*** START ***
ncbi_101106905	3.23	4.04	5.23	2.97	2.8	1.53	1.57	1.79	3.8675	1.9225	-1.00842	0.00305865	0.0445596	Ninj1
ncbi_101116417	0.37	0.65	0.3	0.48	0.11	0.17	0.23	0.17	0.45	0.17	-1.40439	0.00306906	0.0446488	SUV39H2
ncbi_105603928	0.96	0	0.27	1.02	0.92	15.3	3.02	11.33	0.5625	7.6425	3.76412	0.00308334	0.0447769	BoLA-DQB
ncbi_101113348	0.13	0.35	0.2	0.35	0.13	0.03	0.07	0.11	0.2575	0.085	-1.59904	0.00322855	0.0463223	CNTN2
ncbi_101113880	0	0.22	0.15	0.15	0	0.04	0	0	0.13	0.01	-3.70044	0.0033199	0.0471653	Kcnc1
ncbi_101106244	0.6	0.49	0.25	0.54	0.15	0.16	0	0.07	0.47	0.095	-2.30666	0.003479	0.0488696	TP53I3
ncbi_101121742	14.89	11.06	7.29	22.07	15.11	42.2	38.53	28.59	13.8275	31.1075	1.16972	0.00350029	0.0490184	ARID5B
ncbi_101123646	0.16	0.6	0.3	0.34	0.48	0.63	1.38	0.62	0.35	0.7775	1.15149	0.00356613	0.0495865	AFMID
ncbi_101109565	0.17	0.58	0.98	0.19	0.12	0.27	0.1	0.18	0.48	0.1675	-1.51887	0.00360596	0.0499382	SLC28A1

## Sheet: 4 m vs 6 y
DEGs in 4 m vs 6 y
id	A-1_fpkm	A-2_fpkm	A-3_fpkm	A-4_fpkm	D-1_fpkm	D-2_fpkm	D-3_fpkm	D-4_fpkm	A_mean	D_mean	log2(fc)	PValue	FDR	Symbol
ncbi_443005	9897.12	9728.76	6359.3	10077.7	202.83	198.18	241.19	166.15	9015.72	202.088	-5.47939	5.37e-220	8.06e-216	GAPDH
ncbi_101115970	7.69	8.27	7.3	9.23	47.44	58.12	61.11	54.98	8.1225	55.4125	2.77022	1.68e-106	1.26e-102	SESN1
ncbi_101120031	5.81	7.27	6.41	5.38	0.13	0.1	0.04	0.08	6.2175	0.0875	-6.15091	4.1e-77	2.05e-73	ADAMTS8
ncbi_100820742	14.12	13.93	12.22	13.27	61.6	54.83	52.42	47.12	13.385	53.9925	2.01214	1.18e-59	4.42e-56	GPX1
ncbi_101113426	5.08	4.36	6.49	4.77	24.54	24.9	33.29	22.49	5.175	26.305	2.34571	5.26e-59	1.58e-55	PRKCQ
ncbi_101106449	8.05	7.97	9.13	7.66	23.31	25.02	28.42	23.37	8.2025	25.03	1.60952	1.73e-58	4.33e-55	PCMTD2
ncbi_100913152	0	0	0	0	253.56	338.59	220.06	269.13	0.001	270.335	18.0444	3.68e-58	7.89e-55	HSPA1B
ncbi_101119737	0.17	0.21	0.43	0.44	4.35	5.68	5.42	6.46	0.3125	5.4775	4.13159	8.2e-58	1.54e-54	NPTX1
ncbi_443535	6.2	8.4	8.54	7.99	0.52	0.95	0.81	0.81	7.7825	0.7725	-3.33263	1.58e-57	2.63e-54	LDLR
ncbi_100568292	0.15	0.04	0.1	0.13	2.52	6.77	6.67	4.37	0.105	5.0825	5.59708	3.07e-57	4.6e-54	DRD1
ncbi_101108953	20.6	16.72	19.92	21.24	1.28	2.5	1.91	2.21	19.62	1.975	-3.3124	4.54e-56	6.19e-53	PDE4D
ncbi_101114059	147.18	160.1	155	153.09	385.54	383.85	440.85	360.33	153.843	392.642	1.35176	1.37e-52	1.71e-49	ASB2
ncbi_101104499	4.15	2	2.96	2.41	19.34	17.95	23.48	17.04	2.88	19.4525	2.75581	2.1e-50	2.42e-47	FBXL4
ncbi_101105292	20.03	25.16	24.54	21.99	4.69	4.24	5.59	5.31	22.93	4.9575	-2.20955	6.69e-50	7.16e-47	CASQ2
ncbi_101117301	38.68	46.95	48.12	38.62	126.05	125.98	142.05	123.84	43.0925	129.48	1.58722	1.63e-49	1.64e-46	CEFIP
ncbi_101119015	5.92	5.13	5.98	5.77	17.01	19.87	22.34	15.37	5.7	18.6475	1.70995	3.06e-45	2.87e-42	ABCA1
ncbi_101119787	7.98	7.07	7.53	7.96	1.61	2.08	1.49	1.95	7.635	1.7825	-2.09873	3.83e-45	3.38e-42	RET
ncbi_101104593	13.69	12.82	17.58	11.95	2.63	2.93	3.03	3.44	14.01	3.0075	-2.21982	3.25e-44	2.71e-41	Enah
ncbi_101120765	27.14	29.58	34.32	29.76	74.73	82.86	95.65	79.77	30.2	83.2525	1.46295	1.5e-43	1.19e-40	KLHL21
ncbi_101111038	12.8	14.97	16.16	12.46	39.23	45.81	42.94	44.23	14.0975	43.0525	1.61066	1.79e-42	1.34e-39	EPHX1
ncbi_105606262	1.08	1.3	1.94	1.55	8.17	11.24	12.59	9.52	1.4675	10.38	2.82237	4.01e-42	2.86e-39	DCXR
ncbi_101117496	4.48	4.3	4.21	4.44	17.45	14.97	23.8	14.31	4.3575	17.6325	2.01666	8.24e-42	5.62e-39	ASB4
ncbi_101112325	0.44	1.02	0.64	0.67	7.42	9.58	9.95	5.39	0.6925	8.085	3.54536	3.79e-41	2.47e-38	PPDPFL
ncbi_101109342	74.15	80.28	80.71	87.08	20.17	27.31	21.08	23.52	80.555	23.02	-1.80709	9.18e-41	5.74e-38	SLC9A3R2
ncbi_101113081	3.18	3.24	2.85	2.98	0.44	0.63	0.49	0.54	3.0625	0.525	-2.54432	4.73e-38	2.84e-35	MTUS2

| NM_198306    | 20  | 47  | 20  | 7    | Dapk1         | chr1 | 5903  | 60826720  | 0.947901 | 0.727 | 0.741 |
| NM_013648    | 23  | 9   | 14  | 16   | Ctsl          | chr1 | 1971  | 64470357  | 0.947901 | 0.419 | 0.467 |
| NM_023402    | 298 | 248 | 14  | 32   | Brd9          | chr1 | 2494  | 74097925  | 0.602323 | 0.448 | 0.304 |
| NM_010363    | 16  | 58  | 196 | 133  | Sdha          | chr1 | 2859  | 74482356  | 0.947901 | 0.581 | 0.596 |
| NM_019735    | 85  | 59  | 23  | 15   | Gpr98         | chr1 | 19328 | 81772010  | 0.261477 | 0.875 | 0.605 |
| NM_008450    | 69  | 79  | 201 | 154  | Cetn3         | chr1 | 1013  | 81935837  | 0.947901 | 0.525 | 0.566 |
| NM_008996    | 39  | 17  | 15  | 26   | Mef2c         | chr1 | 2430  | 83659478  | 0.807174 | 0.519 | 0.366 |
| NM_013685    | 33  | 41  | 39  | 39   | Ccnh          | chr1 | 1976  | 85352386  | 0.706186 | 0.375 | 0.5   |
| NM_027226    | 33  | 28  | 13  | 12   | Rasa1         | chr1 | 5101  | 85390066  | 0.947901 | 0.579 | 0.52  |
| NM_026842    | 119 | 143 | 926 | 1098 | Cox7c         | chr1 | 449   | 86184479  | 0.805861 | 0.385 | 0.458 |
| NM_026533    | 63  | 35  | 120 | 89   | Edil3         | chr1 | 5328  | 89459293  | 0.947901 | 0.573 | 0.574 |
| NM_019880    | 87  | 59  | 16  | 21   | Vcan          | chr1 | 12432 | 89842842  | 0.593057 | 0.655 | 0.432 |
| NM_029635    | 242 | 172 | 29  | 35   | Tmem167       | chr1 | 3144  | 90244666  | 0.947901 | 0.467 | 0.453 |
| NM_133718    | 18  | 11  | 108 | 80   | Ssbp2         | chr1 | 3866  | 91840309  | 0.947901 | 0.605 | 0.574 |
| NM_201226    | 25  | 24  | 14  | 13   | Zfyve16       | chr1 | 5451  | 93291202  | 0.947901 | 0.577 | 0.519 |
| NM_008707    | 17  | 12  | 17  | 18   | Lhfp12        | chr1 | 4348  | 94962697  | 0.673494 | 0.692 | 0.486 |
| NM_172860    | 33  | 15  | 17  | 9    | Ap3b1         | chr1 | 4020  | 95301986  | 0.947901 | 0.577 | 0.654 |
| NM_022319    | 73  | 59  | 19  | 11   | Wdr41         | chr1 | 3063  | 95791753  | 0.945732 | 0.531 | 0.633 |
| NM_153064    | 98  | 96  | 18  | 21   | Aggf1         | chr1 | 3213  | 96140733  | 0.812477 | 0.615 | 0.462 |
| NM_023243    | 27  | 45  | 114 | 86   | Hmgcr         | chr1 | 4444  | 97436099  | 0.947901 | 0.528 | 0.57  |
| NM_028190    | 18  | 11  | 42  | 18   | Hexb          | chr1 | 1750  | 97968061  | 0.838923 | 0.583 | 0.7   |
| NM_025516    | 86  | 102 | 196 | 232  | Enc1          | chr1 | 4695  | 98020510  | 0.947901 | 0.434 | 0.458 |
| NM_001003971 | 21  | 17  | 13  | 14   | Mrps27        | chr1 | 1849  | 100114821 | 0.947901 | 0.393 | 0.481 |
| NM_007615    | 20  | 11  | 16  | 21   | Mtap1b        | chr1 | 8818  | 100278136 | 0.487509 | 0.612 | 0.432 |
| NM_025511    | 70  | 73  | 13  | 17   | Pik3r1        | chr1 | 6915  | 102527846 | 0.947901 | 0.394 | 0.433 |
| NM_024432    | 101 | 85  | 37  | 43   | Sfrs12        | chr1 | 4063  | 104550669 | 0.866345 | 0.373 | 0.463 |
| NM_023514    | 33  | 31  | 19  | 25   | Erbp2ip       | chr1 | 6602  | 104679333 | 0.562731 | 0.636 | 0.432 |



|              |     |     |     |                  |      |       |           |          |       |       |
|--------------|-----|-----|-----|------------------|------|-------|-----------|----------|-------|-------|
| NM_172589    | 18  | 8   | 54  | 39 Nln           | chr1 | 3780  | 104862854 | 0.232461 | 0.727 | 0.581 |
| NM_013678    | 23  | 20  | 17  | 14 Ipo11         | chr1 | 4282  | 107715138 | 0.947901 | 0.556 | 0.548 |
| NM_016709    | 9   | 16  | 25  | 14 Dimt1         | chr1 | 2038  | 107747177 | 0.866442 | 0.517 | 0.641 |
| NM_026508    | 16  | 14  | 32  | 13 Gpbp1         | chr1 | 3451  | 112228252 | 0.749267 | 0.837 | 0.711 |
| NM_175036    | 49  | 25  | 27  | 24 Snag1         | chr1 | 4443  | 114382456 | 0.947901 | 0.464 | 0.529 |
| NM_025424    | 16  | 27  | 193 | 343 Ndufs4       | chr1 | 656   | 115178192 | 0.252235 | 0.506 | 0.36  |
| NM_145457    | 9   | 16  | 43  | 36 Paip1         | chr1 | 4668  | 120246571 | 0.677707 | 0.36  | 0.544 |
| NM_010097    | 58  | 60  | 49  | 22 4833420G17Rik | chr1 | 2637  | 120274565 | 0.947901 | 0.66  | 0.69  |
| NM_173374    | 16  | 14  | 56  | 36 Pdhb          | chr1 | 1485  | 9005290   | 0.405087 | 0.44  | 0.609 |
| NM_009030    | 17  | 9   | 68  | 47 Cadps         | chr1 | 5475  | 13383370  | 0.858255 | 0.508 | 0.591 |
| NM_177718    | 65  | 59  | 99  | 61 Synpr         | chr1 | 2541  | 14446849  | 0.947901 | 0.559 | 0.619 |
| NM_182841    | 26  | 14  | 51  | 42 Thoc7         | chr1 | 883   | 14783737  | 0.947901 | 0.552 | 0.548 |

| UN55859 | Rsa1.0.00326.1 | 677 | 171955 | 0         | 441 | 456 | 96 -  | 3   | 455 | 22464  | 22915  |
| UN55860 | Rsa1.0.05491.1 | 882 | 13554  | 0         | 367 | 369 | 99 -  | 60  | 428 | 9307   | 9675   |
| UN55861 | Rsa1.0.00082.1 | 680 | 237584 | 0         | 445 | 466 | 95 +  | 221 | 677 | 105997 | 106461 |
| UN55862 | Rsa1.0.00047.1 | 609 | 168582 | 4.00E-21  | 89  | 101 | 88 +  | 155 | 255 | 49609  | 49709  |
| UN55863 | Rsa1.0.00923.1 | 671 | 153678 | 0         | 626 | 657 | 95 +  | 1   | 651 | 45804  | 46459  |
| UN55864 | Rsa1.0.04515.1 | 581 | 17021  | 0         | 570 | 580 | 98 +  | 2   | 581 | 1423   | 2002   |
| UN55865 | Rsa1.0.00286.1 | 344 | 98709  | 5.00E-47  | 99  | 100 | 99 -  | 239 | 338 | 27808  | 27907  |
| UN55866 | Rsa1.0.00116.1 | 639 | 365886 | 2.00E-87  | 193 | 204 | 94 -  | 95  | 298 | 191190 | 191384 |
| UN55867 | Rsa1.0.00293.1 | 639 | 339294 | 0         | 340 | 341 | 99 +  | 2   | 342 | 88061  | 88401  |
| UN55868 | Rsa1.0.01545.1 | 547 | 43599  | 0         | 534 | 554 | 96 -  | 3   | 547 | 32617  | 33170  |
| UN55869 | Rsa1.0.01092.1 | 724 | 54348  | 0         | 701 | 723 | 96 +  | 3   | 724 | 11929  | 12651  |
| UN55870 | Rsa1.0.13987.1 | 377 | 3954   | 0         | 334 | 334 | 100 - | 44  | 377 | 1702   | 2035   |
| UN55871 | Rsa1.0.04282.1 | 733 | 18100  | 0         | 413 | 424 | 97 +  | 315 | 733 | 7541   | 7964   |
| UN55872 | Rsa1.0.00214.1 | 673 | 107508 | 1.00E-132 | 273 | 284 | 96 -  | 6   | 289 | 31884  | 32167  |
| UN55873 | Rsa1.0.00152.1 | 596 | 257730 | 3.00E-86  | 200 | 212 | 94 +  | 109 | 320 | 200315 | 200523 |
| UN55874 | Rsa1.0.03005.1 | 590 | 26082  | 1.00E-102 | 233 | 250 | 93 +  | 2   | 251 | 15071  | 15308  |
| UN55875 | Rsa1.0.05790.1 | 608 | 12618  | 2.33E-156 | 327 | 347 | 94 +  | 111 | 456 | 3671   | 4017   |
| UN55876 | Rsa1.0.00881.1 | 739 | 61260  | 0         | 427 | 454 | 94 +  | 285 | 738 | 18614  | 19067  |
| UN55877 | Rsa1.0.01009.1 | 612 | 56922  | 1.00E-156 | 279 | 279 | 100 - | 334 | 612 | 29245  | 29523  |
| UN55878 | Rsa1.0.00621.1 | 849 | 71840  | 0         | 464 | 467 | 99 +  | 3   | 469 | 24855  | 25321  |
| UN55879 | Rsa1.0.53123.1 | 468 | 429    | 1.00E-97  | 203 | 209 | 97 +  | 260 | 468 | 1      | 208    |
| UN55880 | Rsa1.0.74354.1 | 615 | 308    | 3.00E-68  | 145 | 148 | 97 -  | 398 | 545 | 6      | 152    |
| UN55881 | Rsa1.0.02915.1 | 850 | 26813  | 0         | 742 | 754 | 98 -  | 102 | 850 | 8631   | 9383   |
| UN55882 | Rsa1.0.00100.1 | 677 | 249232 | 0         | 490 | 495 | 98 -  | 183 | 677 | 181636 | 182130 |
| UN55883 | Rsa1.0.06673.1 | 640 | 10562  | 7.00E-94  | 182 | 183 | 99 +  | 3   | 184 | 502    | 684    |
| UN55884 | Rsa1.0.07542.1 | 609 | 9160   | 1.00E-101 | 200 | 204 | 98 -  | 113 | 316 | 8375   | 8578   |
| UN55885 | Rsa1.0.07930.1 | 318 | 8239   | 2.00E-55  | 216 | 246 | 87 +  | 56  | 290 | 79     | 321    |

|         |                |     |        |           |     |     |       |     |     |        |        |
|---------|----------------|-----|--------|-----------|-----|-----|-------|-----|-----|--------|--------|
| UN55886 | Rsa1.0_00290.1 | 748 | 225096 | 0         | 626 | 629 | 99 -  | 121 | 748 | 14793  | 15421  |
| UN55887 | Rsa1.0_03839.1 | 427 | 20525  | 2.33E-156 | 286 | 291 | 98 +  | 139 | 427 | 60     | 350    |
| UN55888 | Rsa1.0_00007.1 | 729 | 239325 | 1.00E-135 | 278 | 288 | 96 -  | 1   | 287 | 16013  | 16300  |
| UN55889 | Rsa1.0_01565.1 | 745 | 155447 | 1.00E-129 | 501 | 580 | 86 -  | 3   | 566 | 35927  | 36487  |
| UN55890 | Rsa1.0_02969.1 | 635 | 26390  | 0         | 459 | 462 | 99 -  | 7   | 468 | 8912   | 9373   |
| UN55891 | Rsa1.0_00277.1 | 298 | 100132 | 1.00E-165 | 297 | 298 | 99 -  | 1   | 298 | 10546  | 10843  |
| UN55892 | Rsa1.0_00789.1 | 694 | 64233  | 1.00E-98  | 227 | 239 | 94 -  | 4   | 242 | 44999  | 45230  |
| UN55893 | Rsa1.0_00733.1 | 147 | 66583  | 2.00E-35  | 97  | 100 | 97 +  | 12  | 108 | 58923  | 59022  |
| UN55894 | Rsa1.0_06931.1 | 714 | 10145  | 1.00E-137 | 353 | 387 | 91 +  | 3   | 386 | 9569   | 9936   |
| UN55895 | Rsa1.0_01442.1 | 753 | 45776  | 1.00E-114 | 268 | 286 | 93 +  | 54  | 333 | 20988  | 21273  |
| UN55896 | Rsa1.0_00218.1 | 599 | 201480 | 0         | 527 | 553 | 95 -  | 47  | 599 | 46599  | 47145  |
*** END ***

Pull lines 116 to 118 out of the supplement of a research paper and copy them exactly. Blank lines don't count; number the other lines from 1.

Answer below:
| UN55894 | Rsa1.0_06931.1 | 714 | 10145  | 1.00E-137 | 353 | 387 | 91 +  | 3   | 386 | 9569   | 9936   |
| UN55895 | Rsa1.0_01442.1 | 753 | 45776  | 1.00E-114 | 268 | 286 | 93 +  | 54  | 333 | 20988  | 21273  |
| UN55896 | Rsa1.0_00218.1 | 599 | 201480 | 0         | 527 | 553 | 95 -  | 47  | 599 | 46599  | 47145  |